Thanks for those hands-on Level 3 field reports, bryan38401. I just came back from a local alternative energy expo and had interesting conversations regarding Level 3 with some of the electric car people there. There is GREAT frustration regarding Ecotality's slow rollout and, from what you are saying about their Level 3 Blink units (ie: just a little more than half the charge rate over a 10 minute period when compared to the competition and they work only approx 30% of the time,) its clear they don't have what it takes to get the job done. Ecotality, unfortunately, got the lion's share of the federal money for public charger deployment. Hopefully, the DOE can step in and redistribute some of that money to other contractors.

· · 2 years ago

I don't know why anybody is comparing the Leaf to the Versa. Who cares that it is the same size and costs a bunch less? I wanted an electric car, not a gas car. The Leaf is damn near silent in most situations which compares to a luxury car like the big Lexus. I think the noise factor alone and the perfectly smooth power delivery makes the Leaf (and Volt, Focus and Mitsubishi i) a ton nicer than any gas car. You have to drive one to know what I mean. There's no comparison.

· · 2 years ago

@Jiminy, "I don't know why anybody is comparing the Leaf to the Versa. Who cares that it is the same size and costs a bunch less?"

They're not even the same size. The Versa is a compact while the LEAF is a midsize. The Versa is an economy car, the LEAF is loaded with content. Oh, and by the way, the LEAF is an electric car and the Versa isn't. Looking forward to their next article "Hyundai Accent versus the Bentley Continental GT".

· · 2 years ago

You're right, Indyflick. There's no comparison. I forgot that the Versa was a little smaller.

· Marius (not verified) · 2 years ago

Just a quick comment on the European sales numbers. In Norway we have heavy incentives for electric vehicles. There are only about 5 million people living in this country but due to these incentives there has been sold 600 Nissan LEAFS in the first three months of 2012. This equals 200 pr month which is around 10% of the predicted world-wide sale of the Leaf.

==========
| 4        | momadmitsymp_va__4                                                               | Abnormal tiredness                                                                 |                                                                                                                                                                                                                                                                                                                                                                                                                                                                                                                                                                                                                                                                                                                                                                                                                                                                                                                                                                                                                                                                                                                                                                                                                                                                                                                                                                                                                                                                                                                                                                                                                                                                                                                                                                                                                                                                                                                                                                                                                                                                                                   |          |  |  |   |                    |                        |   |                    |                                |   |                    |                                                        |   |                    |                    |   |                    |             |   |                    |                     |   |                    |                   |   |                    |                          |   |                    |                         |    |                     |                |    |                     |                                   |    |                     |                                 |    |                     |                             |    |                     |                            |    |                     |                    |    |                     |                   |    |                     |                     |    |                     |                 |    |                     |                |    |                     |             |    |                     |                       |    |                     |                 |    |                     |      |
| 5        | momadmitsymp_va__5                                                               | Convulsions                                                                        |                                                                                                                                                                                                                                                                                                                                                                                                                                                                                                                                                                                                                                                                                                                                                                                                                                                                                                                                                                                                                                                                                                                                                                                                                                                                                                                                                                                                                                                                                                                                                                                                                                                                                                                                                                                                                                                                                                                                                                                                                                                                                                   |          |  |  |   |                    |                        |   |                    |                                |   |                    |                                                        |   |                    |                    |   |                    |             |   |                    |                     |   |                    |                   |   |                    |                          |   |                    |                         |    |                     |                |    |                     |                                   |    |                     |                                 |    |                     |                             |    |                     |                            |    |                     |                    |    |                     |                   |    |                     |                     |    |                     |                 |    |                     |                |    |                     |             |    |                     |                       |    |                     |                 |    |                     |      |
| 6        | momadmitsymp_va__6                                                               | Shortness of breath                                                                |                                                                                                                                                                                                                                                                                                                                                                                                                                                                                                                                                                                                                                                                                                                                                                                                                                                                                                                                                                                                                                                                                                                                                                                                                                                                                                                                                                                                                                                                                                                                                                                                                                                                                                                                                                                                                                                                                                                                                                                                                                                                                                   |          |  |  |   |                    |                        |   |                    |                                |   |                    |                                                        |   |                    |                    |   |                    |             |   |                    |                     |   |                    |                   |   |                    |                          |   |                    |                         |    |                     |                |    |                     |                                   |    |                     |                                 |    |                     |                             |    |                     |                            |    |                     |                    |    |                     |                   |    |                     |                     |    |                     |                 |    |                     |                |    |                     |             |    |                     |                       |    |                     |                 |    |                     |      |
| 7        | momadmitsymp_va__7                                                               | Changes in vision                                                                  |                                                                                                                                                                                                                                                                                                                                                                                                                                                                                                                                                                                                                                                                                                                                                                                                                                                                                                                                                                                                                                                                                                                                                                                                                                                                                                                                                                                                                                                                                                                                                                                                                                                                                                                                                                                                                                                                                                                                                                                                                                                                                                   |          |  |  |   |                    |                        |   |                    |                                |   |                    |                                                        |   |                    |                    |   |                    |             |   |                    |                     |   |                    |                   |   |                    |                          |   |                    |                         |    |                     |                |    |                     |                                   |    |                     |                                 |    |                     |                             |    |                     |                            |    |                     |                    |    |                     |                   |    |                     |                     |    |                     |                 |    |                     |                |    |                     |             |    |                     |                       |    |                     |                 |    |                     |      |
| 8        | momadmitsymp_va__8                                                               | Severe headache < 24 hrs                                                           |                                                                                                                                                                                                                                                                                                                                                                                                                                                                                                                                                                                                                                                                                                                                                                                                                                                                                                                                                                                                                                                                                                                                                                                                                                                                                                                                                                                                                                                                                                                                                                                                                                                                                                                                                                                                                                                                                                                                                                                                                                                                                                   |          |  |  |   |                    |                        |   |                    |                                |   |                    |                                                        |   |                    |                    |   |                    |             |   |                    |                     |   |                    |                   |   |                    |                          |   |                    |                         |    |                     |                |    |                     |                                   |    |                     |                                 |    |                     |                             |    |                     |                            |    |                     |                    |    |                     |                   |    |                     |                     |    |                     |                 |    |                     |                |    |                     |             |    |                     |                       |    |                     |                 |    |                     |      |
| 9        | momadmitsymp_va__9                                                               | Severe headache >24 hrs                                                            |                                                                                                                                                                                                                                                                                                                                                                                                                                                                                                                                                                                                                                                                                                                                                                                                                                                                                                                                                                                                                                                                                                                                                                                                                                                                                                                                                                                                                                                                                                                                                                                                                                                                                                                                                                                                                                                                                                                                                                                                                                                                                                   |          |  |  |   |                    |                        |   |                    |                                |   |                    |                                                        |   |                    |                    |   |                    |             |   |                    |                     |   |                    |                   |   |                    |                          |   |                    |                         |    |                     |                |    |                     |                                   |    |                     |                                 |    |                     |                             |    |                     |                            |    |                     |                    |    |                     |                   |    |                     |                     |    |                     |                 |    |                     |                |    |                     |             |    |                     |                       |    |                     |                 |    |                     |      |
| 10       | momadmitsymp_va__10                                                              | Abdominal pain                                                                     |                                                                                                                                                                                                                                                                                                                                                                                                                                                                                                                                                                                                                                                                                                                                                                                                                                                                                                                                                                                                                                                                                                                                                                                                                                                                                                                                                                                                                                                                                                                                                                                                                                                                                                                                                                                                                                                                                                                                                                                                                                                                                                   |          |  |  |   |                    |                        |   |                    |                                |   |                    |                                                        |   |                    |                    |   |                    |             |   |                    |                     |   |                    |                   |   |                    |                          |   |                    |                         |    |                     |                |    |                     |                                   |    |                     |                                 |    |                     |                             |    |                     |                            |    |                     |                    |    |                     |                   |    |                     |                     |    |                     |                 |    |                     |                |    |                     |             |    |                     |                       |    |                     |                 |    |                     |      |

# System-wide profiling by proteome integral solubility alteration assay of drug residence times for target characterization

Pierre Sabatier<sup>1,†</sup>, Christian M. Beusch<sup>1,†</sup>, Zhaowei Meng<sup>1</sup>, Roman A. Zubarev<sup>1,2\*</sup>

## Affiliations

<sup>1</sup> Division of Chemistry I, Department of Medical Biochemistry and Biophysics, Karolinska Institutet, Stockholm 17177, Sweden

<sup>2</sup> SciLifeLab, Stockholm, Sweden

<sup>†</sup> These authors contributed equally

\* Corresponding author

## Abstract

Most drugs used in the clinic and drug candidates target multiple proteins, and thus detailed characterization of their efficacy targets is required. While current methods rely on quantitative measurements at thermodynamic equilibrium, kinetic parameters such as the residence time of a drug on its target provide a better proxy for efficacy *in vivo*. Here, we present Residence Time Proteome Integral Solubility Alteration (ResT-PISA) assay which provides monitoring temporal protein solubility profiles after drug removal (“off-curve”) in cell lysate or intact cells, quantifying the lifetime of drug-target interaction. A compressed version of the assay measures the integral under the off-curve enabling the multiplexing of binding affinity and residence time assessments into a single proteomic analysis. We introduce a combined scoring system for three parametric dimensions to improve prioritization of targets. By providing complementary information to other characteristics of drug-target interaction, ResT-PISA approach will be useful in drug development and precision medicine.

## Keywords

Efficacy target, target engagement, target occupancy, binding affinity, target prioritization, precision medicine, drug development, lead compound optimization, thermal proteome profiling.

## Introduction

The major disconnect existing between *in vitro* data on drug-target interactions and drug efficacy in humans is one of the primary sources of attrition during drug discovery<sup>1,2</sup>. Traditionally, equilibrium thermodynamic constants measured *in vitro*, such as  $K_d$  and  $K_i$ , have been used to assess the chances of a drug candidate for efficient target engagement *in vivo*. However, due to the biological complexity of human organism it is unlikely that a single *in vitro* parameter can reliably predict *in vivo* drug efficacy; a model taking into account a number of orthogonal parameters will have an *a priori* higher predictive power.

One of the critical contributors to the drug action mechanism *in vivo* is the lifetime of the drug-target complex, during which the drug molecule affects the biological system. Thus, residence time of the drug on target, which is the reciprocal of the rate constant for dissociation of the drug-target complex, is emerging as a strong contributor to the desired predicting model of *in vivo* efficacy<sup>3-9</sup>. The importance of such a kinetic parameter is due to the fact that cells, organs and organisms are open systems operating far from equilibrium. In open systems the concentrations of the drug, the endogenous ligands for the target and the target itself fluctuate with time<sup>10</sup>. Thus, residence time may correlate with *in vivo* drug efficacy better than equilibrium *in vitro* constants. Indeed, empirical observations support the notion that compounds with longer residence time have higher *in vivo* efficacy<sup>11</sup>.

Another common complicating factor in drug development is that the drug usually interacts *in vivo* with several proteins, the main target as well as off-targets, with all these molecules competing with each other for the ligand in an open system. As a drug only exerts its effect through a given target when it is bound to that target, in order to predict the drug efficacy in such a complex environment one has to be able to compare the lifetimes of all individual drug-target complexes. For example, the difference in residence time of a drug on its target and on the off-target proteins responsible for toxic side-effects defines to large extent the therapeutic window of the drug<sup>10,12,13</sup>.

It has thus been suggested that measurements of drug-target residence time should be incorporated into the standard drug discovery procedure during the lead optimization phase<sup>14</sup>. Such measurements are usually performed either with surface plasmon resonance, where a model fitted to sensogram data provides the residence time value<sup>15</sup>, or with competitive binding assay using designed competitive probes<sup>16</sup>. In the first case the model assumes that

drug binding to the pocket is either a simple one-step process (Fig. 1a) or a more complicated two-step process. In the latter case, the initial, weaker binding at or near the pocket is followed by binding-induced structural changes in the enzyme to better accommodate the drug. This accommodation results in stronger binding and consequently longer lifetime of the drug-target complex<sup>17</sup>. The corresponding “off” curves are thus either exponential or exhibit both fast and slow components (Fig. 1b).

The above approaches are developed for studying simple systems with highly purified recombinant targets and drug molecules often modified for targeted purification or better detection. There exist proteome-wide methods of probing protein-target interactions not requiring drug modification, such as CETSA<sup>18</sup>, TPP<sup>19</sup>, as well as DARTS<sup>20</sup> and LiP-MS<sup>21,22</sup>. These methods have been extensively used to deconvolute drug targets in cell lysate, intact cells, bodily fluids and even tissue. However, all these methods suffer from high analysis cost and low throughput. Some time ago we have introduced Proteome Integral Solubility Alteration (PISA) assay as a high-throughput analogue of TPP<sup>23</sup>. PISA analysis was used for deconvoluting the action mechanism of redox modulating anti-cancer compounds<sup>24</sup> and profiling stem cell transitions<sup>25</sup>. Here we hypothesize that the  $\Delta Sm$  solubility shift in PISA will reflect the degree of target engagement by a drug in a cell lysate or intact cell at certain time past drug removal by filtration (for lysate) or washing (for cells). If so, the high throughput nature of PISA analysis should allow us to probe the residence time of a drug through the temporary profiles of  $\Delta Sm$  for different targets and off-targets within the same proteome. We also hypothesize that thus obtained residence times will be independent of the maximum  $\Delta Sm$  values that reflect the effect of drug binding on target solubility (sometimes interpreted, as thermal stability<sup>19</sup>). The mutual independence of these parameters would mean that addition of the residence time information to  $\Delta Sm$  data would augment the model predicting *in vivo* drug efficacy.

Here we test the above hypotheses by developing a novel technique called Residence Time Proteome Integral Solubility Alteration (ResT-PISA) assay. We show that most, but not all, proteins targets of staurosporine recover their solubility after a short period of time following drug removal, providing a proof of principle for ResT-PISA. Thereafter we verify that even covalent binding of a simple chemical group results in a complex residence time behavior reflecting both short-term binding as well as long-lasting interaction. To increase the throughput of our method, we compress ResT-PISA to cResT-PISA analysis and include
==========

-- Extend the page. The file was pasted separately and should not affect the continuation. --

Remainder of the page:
(Norwegian link, but the table should be readable for all: http://www.elbil.no/elbiler/640-supersalg-av-elbiler-i-2012)

The article also states that EV sales in Norway is 2.5% of TOTAL SALES of cars in the first quarter of 2012.

This shows that given incentives and reasonably prices, many people will buy electric vehicles.

New to EVs? Start here

  1. What Is An Electric Car?
    Before we get going, let's establish basic definitions.
  2. A Quick Guide to Plug-in Hybrids
    Some plug-in cars have back-up engines to extend driving range.
  3. Electric Cars Pros and Cons
    EVs are a great solution for most people. But not everybody.
  4. Seven Things To Know About Buying a Plug-In Car
    A few simple tips before you visit the dealership.
  5. Federal and Local Incentives for Plug-in Hybrids and Electric Cars
    Take advantage of credits and rebates to reduce EV costs.
  6. Eight Factors Determining Total Cost of Ownership of an Electric Car
    EVs get bad rap as expensive. Until you look at TCO.
  7. Quick Guide to Buying Your First Home EV Charger
    You'll want a home charger. Here's how to buy the right one.
  8. Electric Car Utility Rate Plans: Top Five Rules
    With the right utility plan, electric fuel can be dirt cheap.
  9. The Ultimate Guide to Electric Car Charging Networks
    If you plan to charge in public, you'll want to sign up for charging network membership (or two).
  10. Eight Rules of Electric Vehicle Charging Etiquette
    Thou shalt charge only when necessary. And other rules to live by.